It’s easy to fall victim to a scam when you don’t know what you’re looking for. In this two-part series we'll review four common types of scams. Stay tuned next week for more.
Tip: Meet someone in person before trusting them with deeply personal information or money.
During this cruel scam the fraudster contacts you over a dating site or social media channel, gains your love or trust, and then asks you for favors or to send them money. The fraudster may also share your personal information or initiate another type of scam. You don’t have to fall in love with the scammer either, they could aim to be your friend, or the grandchild you never had.
Don’t be embarrassed if you think you have fallen for a sweetheart scam, it can happen to anyone! The scammer has learned how to be charming and to tell you what you want to hear, because it’s what they do for a living. It’s best to be honest with yourself so that you can stop talking to the scammer as soon as possible.
Computer Virus and Online Scams
Tip: If you suspect your computer has a virus, bring it to an expert in person.
If a message pops up on your computer asking you to call a number or contact someone by email, chances are it’s a scam. The fraudster will tell you that your computer has a virus, and that they can help you get rid of it. Instead, he or she will give you instructions toinstall a "program" on your computer that in reality is malicious software. From there, they might steal your information, ask for payment for their “help,” or control your computer remotely.
“If you receive a pop-up on your computer, or a call from someone stating they are with any computer security company, informing you that a security threat or virus has been detected on your computer and they need remote access to fix this threat, do not click the pop-up, and terminate the conversation if by phone,” warns Thorsen Steen, Supervisor, Financial Crimes Investigations at BECU.“These are known scams and unless you have an established relationship with a security company that includes a remote service, AND you have initiated contacting them, it is not safe to grant remote access to any third-party."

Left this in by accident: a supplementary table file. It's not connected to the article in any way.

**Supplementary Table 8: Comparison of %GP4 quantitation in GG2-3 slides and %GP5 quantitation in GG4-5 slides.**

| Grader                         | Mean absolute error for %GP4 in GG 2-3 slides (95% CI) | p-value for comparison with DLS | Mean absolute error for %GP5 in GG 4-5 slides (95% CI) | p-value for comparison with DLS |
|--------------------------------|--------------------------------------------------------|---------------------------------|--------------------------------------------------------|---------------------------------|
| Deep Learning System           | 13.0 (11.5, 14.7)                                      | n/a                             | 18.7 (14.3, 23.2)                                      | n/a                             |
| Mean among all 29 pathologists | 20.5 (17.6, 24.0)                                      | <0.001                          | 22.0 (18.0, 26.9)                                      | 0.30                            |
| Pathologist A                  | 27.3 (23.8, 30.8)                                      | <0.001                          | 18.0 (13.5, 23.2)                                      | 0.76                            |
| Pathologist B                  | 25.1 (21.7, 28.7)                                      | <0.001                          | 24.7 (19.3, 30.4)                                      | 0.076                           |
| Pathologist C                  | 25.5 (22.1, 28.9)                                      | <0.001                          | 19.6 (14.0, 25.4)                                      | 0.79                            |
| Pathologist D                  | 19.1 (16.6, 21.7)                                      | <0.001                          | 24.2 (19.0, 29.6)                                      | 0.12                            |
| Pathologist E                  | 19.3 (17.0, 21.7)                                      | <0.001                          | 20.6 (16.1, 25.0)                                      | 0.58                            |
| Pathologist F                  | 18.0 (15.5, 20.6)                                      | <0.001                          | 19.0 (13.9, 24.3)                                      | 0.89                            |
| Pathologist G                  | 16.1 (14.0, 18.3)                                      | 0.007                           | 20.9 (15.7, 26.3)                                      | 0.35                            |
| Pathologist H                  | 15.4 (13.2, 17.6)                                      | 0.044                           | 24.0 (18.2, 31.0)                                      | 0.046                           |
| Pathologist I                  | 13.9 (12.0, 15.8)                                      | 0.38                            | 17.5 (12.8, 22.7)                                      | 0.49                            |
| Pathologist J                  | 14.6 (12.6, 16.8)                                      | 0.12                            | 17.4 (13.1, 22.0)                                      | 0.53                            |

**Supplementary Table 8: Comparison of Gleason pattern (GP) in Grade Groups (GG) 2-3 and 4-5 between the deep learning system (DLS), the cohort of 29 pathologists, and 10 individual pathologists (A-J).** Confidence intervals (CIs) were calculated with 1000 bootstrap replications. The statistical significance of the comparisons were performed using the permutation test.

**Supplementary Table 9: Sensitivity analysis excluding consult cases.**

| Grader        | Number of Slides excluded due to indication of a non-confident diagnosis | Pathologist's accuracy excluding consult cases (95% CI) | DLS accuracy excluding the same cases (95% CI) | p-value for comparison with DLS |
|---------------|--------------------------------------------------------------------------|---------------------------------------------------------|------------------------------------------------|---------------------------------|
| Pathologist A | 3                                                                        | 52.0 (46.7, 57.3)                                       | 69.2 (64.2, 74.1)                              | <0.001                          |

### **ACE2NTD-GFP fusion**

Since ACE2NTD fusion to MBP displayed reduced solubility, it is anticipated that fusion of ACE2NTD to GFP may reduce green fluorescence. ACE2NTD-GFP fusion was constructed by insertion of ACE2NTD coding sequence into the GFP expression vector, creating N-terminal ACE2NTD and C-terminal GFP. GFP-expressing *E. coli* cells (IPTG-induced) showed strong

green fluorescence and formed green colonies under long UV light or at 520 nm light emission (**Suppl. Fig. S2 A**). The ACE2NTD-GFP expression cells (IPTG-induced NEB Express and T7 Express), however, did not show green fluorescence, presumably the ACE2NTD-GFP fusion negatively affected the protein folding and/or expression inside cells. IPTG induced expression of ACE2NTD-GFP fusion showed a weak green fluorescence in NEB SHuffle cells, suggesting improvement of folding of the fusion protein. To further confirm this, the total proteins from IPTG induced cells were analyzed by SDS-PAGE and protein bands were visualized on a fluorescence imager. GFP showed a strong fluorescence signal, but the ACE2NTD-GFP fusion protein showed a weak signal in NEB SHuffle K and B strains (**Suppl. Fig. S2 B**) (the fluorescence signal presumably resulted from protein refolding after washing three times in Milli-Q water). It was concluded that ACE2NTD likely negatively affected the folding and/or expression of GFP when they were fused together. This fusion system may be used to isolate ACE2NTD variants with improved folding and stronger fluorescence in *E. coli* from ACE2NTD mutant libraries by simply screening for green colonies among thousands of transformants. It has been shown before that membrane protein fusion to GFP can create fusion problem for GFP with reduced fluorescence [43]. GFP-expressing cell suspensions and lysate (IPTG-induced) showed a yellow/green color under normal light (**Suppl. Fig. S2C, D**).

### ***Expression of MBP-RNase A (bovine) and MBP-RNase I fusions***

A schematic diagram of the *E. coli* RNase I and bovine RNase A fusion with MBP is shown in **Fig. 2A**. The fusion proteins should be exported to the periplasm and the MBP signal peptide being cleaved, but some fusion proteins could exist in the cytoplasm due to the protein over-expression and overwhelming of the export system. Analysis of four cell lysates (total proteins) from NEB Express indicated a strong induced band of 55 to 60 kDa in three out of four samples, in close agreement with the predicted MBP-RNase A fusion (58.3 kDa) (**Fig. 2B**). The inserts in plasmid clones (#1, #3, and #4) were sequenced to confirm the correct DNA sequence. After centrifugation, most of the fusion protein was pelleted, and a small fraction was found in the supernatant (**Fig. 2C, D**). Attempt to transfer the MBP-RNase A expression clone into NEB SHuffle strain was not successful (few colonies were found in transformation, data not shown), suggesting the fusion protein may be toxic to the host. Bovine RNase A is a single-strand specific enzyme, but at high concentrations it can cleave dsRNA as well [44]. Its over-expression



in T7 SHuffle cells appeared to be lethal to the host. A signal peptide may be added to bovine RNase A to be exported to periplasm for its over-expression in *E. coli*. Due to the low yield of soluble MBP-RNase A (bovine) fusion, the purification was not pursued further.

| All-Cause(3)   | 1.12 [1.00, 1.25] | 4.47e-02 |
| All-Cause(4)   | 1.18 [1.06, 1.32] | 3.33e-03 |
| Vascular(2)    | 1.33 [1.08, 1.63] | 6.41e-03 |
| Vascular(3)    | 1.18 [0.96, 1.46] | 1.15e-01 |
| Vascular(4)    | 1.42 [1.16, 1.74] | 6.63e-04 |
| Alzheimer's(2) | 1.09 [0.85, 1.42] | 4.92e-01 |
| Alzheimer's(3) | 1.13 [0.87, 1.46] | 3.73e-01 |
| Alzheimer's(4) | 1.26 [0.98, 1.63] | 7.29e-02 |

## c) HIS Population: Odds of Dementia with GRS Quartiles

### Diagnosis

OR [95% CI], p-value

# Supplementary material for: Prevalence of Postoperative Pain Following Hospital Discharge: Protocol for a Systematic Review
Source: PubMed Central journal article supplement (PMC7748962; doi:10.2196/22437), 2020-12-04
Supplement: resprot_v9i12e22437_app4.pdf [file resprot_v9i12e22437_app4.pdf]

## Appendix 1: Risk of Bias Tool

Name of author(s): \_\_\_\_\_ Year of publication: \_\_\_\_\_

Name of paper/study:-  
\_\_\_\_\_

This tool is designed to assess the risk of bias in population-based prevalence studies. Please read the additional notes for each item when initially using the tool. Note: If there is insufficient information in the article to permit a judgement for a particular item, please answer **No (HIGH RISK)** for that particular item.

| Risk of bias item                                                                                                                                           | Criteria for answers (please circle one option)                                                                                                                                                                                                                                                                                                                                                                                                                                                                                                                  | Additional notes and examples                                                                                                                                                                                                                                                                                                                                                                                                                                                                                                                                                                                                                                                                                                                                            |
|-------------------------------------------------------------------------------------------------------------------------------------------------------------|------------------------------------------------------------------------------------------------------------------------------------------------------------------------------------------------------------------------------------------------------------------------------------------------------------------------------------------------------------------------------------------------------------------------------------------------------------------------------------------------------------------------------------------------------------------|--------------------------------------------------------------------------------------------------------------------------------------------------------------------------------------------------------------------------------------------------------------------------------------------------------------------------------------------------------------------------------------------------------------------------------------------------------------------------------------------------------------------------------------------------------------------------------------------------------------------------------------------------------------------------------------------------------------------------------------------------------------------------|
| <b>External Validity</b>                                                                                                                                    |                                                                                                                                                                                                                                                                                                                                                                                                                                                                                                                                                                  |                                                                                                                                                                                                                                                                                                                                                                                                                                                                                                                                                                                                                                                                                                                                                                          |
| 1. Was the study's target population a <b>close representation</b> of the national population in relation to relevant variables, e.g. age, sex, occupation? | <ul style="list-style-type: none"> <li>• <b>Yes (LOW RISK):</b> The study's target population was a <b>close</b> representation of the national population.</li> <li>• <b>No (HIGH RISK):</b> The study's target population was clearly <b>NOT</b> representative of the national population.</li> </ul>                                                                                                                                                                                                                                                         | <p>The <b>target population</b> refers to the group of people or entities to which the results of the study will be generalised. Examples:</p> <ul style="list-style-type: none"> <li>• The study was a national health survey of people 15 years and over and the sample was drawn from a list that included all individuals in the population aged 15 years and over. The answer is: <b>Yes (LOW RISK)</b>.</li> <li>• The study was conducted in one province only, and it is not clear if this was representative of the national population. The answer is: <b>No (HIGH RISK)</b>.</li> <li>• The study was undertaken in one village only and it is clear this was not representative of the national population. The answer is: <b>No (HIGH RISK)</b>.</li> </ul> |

Online scams may also involve impersonation of companies you're familiar with. For example, you may receive a text, online message or email from someone pretending to be an employee with a major company like Apple, Google, or Microsoft. You get an alert saying that you need to change your password. But, when you follow the link and input your old password, you give a scammer access to your information.
Reporting a Scam
If you suspect you’ve encountered a scam, it’s important to report it to help the authorities and to get the word out to other potential victims. If it was a sweetheart scam, you should contact the police and/or theFederal Trade Commission. If the scammer impersonated an organization, please notify that organization as well as the Federal Trade Commission.